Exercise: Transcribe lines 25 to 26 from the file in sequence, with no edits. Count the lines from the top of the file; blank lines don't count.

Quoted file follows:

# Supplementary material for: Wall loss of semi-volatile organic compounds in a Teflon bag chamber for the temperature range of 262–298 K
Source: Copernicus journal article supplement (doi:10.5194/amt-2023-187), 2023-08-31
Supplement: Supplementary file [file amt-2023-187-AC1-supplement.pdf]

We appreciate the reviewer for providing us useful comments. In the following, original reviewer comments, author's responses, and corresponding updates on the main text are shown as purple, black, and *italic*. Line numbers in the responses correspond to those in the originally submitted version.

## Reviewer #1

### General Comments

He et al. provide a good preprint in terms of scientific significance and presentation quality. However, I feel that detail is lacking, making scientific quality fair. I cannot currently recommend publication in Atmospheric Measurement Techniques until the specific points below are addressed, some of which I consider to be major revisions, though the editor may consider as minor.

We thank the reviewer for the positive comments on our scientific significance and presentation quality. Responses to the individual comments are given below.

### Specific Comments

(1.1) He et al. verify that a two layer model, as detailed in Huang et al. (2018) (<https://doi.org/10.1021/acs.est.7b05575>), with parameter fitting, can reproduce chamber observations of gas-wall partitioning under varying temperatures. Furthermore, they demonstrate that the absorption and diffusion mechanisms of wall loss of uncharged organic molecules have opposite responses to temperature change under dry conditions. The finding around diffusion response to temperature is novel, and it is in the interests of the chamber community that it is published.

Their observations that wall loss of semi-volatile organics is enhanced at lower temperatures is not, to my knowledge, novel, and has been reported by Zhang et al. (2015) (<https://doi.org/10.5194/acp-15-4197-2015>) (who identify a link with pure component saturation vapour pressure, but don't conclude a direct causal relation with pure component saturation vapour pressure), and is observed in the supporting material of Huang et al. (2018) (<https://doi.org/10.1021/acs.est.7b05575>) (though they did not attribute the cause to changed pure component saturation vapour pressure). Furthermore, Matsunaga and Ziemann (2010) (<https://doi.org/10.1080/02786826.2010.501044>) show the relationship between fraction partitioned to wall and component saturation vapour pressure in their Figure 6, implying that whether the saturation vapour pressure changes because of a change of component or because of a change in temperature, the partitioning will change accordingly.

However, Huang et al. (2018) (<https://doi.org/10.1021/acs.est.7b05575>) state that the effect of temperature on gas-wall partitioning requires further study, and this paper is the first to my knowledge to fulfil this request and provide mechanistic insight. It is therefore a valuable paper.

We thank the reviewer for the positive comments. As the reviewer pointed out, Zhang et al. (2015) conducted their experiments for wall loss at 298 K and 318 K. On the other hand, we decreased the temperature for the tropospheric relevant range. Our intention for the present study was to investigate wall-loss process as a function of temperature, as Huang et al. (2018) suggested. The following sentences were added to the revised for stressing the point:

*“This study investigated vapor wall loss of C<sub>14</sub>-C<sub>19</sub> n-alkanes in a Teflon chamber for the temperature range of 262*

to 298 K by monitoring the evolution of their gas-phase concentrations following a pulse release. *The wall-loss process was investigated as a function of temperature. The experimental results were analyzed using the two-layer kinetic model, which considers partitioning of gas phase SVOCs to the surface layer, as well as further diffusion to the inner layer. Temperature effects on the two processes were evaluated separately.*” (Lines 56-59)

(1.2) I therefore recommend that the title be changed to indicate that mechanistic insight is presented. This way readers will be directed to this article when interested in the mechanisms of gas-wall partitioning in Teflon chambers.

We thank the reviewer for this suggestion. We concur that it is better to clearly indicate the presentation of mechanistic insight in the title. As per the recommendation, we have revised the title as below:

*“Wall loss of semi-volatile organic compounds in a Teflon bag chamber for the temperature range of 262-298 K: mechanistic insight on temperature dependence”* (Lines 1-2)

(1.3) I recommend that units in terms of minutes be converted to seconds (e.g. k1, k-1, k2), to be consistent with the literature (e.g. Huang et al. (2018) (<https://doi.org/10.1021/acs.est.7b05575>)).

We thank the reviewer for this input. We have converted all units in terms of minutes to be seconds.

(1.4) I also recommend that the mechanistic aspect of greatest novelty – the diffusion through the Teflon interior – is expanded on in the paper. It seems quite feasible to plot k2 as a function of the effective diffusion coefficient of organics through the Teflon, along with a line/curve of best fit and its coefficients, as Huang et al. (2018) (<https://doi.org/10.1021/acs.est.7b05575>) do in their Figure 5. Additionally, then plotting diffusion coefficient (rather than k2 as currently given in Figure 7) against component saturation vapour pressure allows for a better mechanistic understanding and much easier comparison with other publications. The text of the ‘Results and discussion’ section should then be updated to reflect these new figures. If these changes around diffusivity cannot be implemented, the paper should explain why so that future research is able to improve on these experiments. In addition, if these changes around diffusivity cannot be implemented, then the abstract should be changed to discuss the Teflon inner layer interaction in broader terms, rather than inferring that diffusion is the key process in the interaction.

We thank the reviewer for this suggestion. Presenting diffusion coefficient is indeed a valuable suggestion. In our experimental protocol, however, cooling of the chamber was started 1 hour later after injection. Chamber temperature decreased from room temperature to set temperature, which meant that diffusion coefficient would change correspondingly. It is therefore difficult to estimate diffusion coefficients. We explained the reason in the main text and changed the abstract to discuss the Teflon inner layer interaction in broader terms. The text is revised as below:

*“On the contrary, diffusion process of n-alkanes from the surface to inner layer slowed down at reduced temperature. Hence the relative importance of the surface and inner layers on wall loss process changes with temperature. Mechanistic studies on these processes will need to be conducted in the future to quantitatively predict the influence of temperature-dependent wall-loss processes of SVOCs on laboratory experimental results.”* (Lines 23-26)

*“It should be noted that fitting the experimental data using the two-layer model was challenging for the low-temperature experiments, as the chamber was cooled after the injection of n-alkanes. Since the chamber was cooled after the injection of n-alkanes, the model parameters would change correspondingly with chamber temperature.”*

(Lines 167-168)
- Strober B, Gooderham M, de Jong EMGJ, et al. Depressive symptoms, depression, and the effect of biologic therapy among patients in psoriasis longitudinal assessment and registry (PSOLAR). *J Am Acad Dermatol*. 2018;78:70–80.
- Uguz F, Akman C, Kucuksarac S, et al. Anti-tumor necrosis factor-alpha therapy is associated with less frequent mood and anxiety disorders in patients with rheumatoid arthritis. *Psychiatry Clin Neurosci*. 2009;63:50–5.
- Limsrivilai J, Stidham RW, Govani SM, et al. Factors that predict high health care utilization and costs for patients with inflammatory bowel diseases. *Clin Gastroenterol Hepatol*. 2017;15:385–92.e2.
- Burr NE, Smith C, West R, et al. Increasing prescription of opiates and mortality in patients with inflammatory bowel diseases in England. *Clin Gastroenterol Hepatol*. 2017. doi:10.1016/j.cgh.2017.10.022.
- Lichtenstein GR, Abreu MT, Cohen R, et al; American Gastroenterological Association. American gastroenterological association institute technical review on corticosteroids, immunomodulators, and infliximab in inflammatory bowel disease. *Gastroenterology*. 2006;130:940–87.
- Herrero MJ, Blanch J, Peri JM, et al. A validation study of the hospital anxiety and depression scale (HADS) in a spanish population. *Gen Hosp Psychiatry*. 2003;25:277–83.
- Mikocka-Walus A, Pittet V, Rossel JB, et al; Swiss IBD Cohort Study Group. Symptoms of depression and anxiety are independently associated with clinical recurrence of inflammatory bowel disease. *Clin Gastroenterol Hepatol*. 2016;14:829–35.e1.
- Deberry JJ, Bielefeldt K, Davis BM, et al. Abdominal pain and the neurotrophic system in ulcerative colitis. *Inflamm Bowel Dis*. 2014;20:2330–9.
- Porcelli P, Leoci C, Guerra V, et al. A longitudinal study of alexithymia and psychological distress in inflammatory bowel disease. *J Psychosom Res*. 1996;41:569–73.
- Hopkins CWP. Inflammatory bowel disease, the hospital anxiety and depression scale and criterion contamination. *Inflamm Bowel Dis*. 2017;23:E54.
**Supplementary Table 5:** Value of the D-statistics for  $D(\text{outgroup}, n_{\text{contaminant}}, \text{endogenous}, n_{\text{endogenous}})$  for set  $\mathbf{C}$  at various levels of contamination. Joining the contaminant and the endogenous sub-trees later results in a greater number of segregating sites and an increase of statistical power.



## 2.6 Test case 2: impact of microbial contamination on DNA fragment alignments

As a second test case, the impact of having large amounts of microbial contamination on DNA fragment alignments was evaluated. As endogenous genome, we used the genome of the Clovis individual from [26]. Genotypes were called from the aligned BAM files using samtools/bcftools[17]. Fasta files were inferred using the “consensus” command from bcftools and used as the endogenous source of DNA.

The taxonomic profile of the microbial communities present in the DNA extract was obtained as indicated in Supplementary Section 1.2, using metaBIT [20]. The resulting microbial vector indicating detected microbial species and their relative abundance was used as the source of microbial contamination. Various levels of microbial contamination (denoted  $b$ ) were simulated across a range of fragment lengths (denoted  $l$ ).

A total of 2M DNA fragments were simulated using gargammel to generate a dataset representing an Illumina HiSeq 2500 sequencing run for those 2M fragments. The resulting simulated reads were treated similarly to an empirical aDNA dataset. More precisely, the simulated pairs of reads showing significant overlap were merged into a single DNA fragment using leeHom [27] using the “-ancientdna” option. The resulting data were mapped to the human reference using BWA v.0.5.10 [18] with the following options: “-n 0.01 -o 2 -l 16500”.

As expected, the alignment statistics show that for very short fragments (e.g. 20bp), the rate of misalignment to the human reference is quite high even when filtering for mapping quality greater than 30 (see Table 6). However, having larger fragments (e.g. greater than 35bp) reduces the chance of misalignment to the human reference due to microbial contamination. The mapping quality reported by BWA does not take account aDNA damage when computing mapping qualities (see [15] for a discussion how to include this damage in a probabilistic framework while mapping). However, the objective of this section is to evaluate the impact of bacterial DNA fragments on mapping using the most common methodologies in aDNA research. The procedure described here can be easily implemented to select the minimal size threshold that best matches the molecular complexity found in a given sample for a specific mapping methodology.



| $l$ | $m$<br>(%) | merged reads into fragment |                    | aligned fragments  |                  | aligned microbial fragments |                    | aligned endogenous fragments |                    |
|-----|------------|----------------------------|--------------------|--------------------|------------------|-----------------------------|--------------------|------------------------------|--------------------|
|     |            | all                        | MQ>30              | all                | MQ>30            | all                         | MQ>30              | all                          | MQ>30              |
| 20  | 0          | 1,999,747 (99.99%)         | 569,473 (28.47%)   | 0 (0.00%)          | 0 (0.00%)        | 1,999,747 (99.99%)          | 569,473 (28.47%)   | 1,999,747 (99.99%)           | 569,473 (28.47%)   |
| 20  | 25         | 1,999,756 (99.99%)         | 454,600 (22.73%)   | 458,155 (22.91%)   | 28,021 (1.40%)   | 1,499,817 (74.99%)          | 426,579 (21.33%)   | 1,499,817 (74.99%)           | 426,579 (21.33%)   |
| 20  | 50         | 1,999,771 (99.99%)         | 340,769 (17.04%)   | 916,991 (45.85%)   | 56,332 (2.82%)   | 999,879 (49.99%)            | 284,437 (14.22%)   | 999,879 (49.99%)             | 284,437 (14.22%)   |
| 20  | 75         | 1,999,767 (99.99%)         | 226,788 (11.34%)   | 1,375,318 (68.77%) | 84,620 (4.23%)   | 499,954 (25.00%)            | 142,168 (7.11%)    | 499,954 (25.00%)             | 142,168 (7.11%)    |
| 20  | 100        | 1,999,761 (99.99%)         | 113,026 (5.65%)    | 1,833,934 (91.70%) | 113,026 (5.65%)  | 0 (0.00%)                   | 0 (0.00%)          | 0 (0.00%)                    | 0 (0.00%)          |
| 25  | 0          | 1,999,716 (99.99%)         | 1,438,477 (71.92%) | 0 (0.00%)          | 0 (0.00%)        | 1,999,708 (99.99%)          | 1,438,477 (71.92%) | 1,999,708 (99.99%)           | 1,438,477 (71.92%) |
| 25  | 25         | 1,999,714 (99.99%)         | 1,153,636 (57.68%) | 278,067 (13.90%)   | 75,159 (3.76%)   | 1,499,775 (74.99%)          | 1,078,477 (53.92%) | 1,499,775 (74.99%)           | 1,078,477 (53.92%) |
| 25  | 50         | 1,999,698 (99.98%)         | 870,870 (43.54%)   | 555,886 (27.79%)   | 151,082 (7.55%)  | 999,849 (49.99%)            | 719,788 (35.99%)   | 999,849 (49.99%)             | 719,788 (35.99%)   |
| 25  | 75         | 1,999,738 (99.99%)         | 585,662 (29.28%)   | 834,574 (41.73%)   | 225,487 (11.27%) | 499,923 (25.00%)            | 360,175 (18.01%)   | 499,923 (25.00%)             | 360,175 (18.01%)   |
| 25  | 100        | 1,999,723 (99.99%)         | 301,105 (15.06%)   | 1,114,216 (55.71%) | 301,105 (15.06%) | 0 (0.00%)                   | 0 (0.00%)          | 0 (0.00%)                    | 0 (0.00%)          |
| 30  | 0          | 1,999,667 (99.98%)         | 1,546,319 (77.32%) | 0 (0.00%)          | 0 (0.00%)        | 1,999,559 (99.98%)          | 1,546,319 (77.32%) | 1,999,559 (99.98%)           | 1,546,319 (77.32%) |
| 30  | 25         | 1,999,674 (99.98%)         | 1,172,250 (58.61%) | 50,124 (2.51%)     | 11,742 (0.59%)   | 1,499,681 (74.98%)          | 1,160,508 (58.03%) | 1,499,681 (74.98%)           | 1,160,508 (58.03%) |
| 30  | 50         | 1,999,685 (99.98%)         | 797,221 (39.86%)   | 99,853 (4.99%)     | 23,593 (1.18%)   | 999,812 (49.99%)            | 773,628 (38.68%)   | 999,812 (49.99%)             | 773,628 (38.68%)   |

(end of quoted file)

(Lines 167-168)
- Strober B, Gooderham M, de Jong EMGJ, et al. Depressive symptoms, depression, and the effect of biologic therapy among patients in psoriasis longitudinal assessment and registry (PSOLAR). *J Am Acad Dermatol*. 2018;78:70–80.